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Medieval illustration of Chapter 13 "The Beast".

The Book of Revelation, also called Revelation to John or Apocalypse of John, is the last canonical book of the New Testament in the Christian Bible. Tradition assigns its authorship to John the Apostle, but secular scholars believe it was written by another man named John in a later generation. It is the only Biblical book that is wholly composed of apocalyptic literature.

Literary commentEdit

The title is the singular word "Revelation," but is often mistakenly pluralized as "Revelations" in popular culture, and not all works of Harry Turtledove are free of this error.

Book of Revelation in "Ils ne passeront pas"Edit

At the Battle of Verdun, certain events described in the Book of Revelation took place. However, the combatants were so numbed to horror, none of them realized what they were witnessing.

According to Revelation 8:1 through 9:19, God, after the opening of the seven seals, issues seven angels a trumpet. When each angel sounded their trumpet, a series of events designed to destroy the Earth were supposed to take place. However, these events were perceived quite differently by French Army soldiers Pierre Barres and Jacques Fonsagrive.

When the first trumpet is sounded hail, fire and blood fall upon the Earth, and a third of its surface, along with a third of its trees and all of its grass, is consumed in flame. (Barres and Fonsagrive thought that the Germans had attached a flamethrower to a plane. The flames thrown around were far less intimidating than an artillery barrage.)

Upon the sounding of the second, a great, flaming mountain falls into the sea. (The two soldiers assumed that the plane had exploded, although Fonsagrive did comment on its similarity to a mountain of fire. It fell harmlessly into the Meuse River.)

With the third, the star Wormwood falls upon a third of the rivers and springs, poisoning them and the many men who drink from them. (The two men thought that Wormwood was simply a parachute flare. Moreover, the smell of wormwood, an ingredient in absinthe, was pervasive. They believed that it was some new German gas weapon.)

With the fourth trumpet, a third of the Sun, Moon and stars darken, leaving a third of the day in darkness. (The crescent moon abruptly vanished. Barres and Fonsagrive attributed this to the effects of the wormwood, and took a nap.)

The fifth trumpet calls down a star from the heavens, which opens the Abyss, darkening the sky with its fumes and unleashing a swarm of scorpion-like locusts. The locusts are commanded not to pursue plantlife of any kind, "but only those men which have not the seal of God on their foreheads," and to torment them for five months as though they had been struck by scorpions, but without death. They had the form of warhorses, with golden crowns, men's faces, women's hair, lions' teeth, iron breastplates, wings and scorpions' tails. They are led by a king, Abaddon. (Barres and Fonsagrive saw a shell fall to Earth. When they saw the locusts, they assumed that the wormwood was still causing them to see things, and simply machine gunned them down. Abaddon took several forms, none of which were familiar to Barres. Barres gunned him down. The German troops across no-man's land, also gunned the locusts and Abaddon down.)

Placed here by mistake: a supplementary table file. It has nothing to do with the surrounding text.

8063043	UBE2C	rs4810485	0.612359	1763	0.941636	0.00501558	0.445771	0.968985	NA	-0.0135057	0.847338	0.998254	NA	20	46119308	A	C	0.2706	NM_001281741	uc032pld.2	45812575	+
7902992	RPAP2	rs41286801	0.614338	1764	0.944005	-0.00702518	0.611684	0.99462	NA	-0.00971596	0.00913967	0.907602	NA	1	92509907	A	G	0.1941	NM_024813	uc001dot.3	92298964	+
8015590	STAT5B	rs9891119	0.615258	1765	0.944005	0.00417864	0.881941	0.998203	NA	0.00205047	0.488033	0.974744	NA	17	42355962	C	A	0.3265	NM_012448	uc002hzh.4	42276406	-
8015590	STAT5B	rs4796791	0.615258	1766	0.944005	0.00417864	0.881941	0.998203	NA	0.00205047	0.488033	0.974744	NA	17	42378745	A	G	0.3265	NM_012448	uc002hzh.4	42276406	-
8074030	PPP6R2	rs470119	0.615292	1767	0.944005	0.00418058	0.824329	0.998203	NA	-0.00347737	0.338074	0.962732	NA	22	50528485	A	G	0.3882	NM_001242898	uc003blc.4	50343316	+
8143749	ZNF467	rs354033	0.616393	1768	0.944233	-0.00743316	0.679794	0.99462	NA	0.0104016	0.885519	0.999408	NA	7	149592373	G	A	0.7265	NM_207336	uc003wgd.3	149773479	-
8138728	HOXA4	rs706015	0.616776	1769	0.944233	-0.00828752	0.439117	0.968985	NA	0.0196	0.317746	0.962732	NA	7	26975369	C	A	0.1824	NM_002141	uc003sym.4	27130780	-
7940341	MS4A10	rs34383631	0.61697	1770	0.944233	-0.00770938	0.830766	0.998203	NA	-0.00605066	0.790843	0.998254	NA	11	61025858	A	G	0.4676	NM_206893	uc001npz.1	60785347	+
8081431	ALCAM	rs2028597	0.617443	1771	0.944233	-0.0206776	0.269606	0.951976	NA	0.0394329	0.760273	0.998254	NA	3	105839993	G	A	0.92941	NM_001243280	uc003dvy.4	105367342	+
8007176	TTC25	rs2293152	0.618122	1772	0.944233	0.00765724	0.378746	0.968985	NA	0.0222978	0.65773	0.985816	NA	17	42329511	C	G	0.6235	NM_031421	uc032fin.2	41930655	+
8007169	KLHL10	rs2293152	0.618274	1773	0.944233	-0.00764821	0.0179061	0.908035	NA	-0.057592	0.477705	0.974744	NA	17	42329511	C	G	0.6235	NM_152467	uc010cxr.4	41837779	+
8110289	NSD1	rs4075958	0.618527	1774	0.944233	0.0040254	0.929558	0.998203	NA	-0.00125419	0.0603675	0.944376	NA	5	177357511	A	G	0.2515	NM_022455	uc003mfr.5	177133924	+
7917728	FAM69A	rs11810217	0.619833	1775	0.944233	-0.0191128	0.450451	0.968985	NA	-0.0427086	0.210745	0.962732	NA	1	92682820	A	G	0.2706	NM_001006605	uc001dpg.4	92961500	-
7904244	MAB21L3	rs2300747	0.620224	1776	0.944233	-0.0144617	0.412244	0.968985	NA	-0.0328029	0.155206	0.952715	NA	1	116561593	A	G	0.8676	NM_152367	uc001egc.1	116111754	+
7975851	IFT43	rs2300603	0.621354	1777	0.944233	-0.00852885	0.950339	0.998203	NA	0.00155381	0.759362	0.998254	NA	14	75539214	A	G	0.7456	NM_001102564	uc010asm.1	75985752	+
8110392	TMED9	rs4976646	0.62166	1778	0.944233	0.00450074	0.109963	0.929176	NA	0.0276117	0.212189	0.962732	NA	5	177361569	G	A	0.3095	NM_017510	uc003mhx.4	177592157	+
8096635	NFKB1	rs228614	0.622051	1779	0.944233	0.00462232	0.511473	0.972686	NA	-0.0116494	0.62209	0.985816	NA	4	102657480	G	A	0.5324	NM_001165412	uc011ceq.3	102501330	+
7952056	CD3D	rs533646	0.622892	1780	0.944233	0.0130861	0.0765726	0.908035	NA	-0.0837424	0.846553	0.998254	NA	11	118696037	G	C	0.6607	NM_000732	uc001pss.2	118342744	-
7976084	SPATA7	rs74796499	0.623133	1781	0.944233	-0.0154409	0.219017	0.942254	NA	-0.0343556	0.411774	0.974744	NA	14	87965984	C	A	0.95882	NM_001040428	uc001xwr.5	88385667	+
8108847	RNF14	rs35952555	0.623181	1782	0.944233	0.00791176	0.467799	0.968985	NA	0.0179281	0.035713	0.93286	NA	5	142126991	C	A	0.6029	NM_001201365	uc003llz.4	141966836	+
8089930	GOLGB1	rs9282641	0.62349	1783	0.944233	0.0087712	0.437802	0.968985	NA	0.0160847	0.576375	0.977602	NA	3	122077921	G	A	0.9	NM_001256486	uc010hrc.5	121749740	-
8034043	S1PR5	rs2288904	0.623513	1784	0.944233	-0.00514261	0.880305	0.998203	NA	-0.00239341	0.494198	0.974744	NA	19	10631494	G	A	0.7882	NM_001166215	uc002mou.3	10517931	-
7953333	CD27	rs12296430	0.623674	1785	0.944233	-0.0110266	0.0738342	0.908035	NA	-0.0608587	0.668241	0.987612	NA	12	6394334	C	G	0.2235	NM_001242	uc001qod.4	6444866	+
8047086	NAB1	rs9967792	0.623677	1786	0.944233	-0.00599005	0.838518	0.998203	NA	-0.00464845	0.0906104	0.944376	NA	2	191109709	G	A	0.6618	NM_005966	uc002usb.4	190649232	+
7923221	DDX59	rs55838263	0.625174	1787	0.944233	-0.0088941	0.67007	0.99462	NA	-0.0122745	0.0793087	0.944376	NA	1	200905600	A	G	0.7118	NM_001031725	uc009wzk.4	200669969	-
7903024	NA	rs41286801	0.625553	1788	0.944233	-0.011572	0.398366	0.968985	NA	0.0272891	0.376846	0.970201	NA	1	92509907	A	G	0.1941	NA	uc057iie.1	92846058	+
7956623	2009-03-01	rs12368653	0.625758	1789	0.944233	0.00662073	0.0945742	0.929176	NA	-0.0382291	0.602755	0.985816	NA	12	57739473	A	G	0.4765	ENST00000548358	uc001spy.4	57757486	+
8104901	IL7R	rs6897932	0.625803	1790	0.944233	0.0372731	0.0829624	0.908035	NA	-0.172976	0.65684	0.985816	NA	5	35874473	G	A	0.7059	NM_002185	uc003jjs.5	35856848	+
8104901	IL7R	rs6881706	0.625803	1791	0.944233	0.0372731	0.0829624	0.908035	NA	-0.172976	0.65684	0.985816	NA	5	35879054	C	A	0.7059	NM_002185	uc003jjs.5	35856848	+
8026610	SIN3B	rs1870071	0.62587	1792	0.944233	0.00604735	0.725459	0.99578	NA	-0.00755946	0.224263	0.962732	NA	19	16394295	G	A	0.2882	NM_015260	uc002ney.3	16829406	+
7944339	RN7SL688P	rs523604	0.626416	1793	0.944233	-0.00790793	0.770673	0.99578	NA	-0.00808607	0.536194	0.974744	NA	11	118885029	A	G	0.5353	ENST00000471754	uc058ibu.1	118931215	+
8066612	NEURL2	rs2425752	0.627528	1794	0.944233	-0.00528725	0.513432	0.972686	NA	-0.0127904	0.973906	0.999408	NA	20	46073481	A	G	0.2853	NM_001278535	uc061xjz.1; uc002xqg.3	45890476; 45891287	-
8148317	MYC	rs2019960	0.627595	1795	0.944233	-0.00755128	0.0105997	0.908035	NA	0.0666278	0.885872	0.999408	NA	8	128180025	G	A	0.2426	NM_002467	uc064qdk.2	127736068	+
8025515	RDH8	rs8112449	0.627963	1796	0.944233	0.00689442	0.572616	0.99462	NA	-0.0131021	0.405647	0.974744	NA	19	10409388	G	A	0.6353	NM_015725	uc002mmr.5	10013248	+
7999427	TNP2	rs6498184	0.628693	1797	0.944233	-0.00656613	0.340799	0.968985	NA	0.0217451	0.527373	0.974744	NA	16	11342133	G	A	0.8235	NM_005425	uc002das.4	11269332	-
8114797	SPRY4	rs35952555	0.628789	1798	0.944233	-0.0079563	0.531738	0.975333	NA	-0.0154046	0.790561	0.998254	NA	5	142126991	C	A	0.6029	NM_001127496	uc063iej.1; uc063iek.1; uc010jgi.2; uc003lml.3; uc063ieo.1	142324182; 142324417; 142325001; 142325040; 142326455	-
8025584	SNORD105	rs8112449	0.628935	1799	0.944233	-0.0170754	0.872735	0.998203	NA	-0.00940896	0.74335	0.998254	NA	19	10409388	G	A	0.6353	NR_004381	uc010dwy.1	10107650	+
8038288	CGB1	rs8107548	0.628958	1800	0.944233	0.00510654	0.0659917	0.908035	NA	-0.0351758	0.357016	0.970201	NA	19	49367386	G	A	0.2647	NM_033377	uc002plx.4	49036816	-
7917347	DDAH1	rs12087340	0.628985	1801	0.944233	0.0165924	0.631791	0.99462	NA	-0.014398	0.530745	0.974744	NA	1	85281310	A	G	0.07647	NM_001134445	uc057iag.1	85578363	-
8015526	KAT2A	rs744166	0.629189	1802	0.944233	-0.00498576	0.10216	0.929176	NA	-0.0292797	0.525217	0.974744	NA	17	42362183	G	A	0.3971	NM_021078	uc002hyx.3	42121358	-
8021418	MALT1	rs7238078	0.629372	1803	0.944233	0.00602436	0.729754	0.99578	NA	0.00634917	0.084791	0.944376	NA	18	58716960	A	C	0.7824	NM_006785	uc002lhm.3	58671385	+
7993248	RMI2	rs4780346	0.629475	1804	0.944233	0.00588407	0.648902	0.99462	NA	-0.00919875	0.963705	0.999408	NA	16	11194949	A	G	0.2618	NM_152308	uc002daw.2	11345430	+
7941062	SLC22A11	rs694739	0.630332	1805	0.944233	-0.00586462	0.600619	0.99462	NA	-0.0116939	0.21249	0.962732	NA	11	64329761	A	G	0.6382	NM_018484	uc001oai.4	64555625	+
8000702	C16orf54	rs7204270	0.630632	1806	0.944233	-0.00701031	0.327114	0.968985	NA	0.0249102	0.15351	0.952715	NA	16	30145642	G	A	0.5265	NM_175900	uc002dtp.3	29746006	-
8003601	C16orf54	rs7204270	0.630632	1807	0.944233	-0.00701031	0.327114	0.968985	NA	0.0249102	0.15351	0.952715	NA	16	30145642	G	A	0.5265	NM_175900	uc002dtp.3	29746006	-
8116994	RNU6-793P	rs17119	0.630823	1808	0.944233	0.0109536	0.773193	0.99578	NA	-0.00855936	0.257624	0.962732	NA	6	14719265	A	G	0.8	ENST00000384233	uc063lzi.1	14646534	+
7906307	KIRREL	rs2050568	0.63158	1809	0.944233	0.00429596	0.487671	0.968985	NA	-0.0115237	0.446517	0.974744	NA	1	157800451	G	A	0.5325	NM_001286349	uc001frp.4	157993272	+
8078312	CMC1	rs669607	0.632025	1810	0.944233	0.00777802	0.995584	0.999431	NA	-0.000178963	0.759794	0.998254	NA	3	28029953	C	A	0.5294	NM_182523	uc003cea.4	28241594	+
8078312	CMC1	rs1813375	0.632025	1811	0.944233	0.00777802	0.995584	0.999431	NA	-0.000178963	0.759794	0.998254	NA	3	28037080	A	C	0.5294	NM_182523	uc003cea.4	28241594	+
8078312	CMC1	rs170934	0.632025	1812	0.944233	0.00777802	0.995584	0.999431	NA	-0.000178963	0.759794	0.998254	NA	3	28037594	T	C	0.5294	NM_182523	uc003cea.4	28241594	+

The sixth angel releases the four angels who had been bound to the Euphrates ready to lead an army of 200 million horsemen to slay one third of mankind. (Still believing he was under the influence of wormwood, Barres machine-gunned the horsemen, believing them to be Germans. His comrades also fire with abandon, as did the Germans, eventually killing them all.)

Another angel, "robed in a cloud, with a rainbow above his head; his face...like the sun, and his legs...like fiery pillars" would open a scroll, and shout, his voice sounding like seven thunders. (A strong rain began, and the two men heard seven thunder claps, although that meant nothing to them.)

In the Book, "in the days when the seventh angel is about to sound his trumpet, the mystery of God will be accomplished, just as he announced to his servants the prophets." (There was a seventh trumpet blast. The rain turned to hail, and then just stopped. Both Barres and Fonsagrive spoke with an other worldly voice, saying "It is done." While both were mildly surprised, neither pondered this for very long. The Battle of Verdun began again.)

See alsoEdit

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